The Spring Triangle is a broad but unassuming triangle of three bright stars in three constellations. It starts to show its face on these cold midwinter nights.
Just as – a few weeks ago – the groundhog brought us into February and gave us hope for warmer weather, so the stars of the Spring Triangle start to make their way into the late evening sky as February progresses. By early March, these stars are all up before midnight. By early April, they’re all up by mid-evening (midway between sundown and midnight). When you see the Spring Triangle stars above the houses across the street, you can almost feel the warm springtime air.
The Spring Triangle, like the sky’s other seasonal shapes (for instance the Summer Triangle and Winter Circle (or Hexagon) isn’t a constellation. It isn’t one of the 88 regions of the sky officially recognized as constellations by the International Astronomical Union. Instead, it’s an asterism, an unofficial but recognizable pattern of stars that can be in one or more than one constellation. Asterisms are what many of us would pick out as constellations, if we didn’t know any. They’re often the sky’s most recognizable patterns.
The Spring Triangle is made up of three of the sky’s brightest stars in three different constellations: Regulus in Leo the Lion, Arcturus in Boötes the Herdsman (the only constellation with an umlaut in its name), and Spica in Virgo the Maiden.
Let’s learn to track these stars down so we can watch them move across the night as we wait for spring to begin.
Once darkness falls in February, turn toward the east to find a bright yellowish star twinkling in the darkness. That’s Regulus, the first to rise of the three Spring Triangle stars. We see Regulus as one star, but it’s actually a four-star system. From about 79 light-years away, the light from the four blends into just one point in the night. The brightest star in this system is a yellow supergiant about three times the size of our sun.
If your skies are clear, you should be able to make out the backwards question mark pattern in Leo. This is another asterism, called The Sickle. It marks the Lion’s front end, while Regulus represents Leo’s heart. For an illustration, see the chart above.
Also, notice that there’s a second Triangle inside the larger Spring Triangle. The smaller Triangle excludes Regulus, but includes yellowish Denebola, a double star about 36 light-years away. Denebola is the second brightest in Leo. It lies in the Lion’s tail. To see this second Triangle, see the chart below.
As the night goes on, Arcturus and Spica rise. In early March, all three stars – Arcturus, Spica and Regulus – will be up before midnight.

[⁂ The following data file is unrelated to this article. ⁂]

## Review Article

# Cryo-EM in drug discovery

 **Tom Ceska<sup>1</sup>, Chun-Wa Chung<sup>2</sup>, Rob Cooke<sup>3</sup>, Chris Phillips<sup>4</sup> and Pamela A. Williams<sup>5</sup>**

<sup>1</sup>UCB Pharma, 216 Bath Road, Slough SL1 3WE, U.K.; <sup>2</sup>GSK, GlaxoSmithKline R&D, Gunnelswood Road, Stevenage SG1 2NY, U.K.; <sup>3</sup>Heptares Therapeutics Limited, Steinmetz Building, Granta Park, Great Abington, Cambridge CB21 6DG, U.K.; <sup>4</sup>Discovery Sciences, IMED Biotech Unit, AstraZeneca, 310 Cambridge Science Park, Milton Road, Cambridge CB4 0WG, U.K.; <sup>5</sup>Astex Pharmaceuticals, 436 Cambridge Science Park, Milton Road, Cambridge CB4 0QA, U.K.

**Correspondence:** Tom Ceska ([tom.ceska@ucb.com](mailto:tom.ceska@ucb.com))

For those at northerly latitudes, Arcturus is the second-brightest star visible, after Sirius (those at more southerly latitudes, like the southern U.S., can see the sky’s actual second-brightest star, Canopus). Arcturus is a gorgeous old red giant about 37 light-years away. Billions of years from now, when the sun has burnt up its own hydrogen fuel supply, it will turn into a star similar to the type Arcturus is now.
If Arcturus has risen, chances are Spica has, too. Look for Spica lower in the sky than Arcturus – and father toward the south, or left – of the others. Spica is a blue giant star about 250 light-years away.
The Spring Triangle is less attention-grabbing than the Winter Circle (or Hexagon) and the Summer Triangle. If you’re having trouble finding it, there’s another way.
Use the Big Dipper (Plough) for extra help
Toward the north, look for the Big Dipper, called the Plough in the U.K. This time of year, by mid-evening, it’s ascending in the northeast. If you draw a line from the star Dubhe to the star Merak, the two stars at the end of the Dipper’s bowl or blade, and extend it toward the south, you’ll reach Regulus.
Also, if you follow the curve of the Dipper’s handle away from the bowl, you can follow the arc to Arcturus. From there, keep going, and drive a spike to Spica.
Surprisingly enough, the Spring Triangle is bigger than its more famous summertime cousin, and it’s almost as big across as the Winter Hexagon. It’s not one of the best-known star patterns, though.
Once you’ve found the Spring Triangle, you’ll enjoy it year after year. Maybe because it appears as spring is about to arrive, this pattern seems full of optimism for good things to come!
Bottom Line: See if you can find the Spring Triangle on these midwinter nights. It’ll start rising into the east as night falls in February and will stay around for most of the night until the summertime heat comes along.
Scott Levine is an astronomy writer and speaker from New York's Hudson Valley who has loved the night sky ever since he saw the first photos of Saturn from Voyager spacecraft in the early 1980s. His writing has been featured in several publications including Sky & Telescope and Sky at Night Magazine.